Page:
Yiyun Li memoir ‘Dear Friend’ reflects her dance with
death and love of life
By Lou Fancher
Oakland-based Chinese American writer Yiyun Li is a binge reader.
“I read dead authors. I read contemporaries, but I don’t follow what’s hot,” she says in an interview. “Sometimes, I read best-selling books years later, like Zadie Smith’s; I read all of her books, chronologically. I could see how she changed and developed as a writer. She’s not as interested in sexual relationships as she is in siblings. If I had read one book, I wouldn’t have seen that pattern.”
Disrupting her own pattern of non-autobiographical fiction, Li’s new collection of essays, “Dear Friend, from My Life I Write to You in Your Life” (Random House, $27, 201 pages), is an incisive self-dissection of the 44-year-old author’s history and life with books. Exposing literary practices that include annual re-readings of Tolstoy’s “War and Peace” and Melville’s “Moby Dick” —the former for its epic realism, the latter for details revealed with each rereading — Li includes in her book memories from her childhood in Beijing, experiences she had after immigrating to the United States in 1996 to study immunology and instead becoming a writer and American citizen, and insights gleaned from reading the books, letters, diaries and journals of William Trevor, Ivan Turgenev, Elizabeth Bowen, Anton Chekov, Ernest Hemingway and other favored authors.
Poignant and dramatic, yet told in the vivid, unadorned language found in her award-winning novels, Li’s book describes a recent two-year period during which thoughts of and attempts at suicide were her preoccupation.
After graduating from the University of Iowa with a bachelor’s degree in science, Li shifted her focus to attend the Iowa Writers’ Workshop, receiving an M.F.A. in 2005. Her stories and novels have earned the Frank O’Connor International Short Story Award, PEN/Hemingway Award, Guardian First Book Award, California Book Award and publication in the New Yorker and Paris Review. She is a 2010 MacArthur Foundation fellow and teaches at UC Davis
Asked about her classroom priorities, she says arousing students’ curiosity is primary, but the rest is fate. “I don’t think writing can be taught. I can teach them how to read. I read as a writer: I know why this narrative works, not that one. I share this information.”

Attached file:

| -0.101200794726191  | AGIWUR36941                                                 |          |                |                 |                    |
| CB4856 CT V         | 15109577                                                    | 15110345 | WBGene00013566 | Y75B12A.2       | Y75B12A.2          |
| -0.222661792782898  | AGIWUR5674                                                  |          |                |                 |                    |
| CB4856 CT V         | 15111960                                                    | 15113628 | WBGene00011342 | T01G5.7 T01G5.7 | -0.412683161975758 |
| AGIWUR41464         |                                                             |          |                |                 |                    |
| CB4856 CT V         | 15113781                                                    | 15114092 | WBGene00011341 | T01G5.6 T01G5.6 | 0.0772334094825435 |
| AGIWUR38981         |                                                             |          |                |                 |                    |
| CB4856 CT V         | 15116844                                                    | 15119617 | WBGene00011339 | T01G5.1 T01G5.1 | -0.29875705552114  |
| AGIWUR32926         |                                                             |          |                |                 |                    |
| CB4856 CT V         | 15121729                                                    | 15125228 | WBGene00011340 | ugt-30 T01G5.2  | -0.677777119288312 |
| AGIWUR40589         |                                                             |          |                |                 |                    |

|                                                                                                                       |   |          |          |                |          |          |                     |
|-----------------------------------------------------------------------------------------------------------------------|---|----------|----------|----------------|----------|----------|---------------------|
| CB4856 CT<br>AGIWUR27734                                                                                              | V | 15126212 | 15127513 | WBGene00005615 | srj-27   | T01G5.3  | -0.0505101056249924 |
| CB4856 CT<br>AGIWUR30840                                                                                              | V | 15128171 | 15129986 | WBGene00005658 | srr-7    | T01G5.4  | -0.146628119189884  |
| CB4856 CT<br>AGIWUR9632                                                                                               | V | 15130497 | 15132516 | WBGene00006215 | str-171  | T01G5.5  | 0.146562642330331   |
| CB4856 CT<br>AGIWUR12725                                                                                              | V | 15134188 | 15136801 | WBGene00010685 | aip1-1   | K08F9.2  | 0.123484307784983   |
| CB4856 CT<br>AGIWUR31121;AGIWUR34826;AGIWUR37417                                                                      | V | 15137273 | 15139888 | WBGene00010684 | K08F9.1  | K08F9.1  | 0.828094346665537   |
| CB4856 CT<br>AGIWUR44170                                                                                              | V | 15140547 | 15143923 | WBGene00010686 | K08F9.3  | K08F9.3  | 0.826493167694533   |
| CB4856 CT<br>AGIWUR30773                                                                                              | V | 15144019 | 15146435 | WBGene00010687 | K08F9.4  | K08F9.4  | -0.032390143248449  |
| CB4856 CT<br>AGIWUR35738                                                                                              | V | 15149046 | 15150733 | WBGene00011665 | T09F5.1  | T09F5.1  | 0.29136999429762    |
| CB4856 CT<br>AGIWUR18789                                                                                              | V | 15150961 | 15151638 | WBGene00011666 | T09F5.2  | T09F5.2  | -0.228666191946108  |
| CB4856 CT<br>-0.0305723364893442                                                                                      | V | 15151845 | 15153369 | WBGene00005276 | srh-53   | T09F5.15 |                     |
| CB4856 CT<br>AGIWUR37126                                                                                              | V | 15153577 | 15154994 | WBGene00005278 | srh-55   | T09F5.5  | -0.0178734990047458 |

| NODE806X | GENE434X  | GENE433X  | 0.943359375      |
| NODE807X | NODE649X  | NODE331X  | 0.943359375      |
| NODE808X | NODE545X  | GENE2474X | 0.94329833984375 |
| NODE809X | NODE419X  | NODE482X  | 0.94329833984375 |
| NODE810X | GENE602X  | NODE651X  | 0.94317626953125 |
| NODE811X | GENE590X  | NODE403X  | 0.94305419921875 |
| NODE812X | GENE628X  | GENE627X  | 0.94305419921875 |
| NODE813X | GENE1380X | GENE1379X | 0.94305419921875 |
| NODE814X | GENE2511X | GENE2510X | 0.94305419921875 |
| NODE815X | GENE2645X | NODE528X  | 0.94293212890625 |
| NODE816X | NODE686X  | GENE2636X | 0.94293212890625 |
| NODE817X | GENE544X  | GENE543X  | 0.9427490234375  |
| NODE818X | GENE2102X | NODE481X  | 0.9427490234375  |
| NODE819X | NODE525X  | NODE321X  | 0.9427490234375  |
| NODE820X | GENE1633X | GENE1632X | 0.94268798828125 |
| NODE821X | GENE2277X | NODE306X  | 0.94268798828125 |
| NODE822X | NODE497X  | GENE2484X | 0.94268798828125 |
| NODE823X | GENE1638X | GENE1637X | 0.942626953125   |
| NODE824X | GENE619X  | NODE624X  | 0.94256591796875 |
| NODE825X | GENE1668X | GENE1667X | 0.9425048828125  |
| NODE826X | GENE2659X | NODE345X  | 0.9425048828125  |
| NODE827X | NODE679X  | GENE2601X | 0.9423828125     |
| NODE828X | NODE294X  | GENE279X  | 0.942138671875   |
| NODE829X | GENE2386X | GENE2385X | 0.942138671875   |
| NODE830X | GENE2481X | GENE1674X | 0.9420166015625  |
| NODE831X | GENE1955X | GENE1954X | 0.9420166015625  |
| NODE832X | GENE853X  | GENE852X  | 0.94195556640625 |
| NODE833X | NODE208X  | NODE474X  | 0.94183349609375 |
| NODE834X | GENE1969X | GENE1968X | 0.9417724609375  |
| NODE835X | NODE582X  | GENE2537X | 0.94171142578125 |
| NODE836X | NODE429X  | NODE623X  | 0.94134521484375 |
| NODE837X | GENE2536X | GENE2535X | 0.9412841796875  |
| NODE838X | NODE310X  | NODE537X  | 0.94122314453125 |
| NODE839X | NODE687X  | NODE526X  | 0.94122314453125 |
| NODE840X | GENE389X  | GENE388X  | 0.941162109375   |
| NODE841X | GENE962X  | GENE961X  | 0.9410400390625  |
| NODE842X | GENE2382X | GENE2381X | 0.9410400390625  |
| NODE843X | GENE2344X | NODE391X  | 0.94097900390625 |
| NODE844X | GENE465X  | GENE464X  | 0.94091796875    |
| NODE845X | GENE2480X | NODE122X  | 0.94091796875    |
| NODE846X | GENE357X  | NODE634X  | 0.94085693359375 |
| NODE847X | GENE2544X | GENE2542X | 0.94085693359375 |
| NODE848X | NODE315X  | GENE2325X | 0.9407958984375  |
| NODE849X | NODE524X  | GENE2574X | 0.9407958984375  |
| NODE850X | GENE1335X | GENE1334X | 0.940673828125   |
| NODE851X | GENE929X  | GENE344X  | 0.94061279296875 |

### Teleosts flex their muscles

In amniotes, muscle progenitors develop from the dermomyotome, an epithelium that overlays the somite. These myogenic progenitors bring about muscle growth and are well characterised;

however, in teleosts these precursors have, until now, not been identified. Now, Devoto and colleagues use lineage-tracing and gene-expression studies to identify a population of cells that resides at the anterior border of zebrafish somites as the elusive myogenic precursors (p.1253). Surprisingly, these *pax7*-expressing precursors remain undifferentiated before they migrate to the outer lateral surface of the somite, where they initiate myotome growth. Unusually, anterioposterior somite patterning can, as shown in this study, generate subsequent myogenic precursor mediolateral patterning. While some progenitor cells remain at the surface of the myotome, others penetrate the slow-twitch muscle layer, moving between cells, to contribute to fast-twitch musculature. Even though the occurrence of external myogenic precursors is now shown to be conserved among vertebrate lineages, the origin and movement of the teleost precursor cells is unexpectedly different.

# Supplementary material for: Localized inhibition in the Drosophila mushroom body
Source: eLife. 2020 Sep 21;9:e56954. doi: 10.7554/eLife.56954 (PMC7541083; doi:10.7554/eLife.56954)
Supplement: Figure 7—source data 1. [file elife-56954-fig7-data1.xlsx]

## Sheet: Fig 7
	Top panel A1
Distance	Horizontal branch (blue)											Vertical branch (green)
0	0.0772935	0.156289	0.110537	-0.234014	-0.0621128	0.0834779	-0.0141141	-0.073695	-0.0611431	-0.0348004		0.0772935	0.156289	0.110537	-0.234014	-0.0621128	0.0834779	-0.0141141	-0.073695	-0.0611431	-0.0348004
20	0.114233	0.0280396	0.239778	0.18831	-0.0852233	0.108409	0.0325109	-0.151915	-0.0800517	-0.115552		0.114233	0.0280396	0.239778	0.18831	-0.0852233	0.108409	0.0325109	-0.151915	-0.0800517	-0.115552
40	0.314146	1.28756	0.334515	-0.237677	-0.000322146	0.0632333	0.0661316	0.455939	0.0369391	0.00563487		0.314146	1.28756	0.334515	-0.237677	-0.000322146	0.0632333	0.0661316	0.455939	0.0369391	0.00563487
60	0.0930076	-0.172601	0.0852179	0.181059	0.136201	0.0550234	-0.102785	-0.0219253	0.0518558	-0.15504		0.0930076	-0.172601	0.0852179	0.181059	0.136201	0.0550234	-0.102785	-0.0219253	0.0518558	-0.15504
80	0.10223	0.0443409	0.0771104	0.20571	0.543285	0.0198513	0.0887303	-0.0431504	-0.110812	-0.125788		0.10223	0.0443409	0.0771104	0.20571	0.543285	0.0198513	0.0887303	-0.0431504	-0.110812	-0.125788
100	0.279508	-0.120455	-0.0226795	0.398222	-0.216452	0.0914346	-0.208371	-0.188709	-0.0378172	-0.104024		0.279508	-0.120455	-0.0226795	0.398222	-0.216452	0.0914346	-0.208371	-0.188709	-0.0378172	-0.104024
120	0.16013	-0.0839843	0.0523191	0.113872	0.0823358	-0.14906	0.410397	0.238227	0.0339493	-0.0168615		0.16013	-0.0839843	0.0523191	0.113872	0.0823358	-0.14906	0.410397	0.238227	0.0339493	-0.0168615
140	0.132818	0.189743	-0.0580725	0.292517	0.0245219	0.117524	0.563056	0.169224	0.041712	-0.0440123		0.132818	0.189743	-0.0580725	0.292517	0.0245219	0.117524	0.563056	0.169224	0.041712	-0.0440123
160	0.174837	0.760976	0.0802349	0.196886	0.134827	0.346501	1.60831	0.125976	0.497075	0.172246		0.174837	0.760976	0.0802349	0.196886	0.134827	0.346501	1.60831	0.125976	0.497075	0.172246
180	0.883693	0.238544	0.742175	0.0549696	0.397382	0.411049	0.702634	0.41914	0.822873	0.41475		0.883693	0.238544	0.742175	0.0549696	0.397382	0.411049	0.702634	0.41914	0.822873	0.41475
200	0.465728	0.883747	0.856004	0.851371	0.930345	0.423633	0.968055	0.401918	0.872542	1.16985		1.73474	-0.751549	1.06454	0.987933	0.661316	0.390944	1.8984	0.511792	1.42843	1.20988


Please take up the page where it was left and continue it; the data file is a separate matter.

She often doesn’t immediately know her lessons’ outcomes. “I tell them that if you’re not driven by a burning desire to know your characters, you’re not going to write interesting characters. If characters lie to them, they should be able to tell. If they themselves lie (while writing fiction), they should be better at it. Years later, someone will write to me and say they got it. You never know which seed is coming up in the end.”
Nor does Li know precisely the ramifications of revealing her innermost thoughts about suicide or the ongoing dialogues she conducts with dead authors. Li frequently initiates her works as non-argumentative conversations with favorite writers’ specific sentences. “Trevor died in 2016 and isn’t accessible in a living way. I read him because I want to keep his presence. His work is here, and that conversation through reading his work still goes on.”
A most-common question asked of Li is why she writes only in English, instead of Mandarin. “It’s two parts. I used to say I’m not ready for Chinese readers to read me. It’s a nice way to say I don’t want my books translated. Art has to be precise, that’s one concern.”
But books are also interpreted, and Li says that people in China might read her as an author who betrayed her native language. “I think I’m a stubborn person that I want to be read, not on political terms.” Her internal world, she adds, is lived entirely in English.
About suicide, Li writes deeply and unflinchingly in “Dear Friend” — yet says in the interview that the act is “fundamental” and in the moment of it happening, it is separate from country, culture, even language. Turning the spotlight on her depression with the same ruthless interrogation she performs on characters in her novels, Li says, “There are thoughts and feelings that are less explored, not allowed to have space because we use words like “distorted,” “flawed.” Which means we have to shut it down, close the door. I am giving full rights for these things to exist. Why can’t we say suicide is a way to kill time? It’s not challenging others more than challenging myself.”
“Dear Friend” began with one essay and a conversation with her editor, who asked if she would need to “feel protective” of Li if it were published. “The real protection is to be honest and write without hiding anything,” Li says. The original ending of “To Speak Is to Blunder but I Venture,” she says took two years for her to change from a “false, uplifting” phrase to its final, ambiguous form that references the struggle in writing words in place of thoughts: “The solace is with the language I chose. The grief, to have spoken at all.”
Writing when she can “grab time” — most often in the company of her two young children and husband at the family’s book-covered dining table — Li says thinking also counts as writing. The thought that led to “Dear Friend” was “whether fiction still mattered to me,” she says. A return to binge reading — and writing in response — it seems, constitutes Li’s most fortunate lifeline.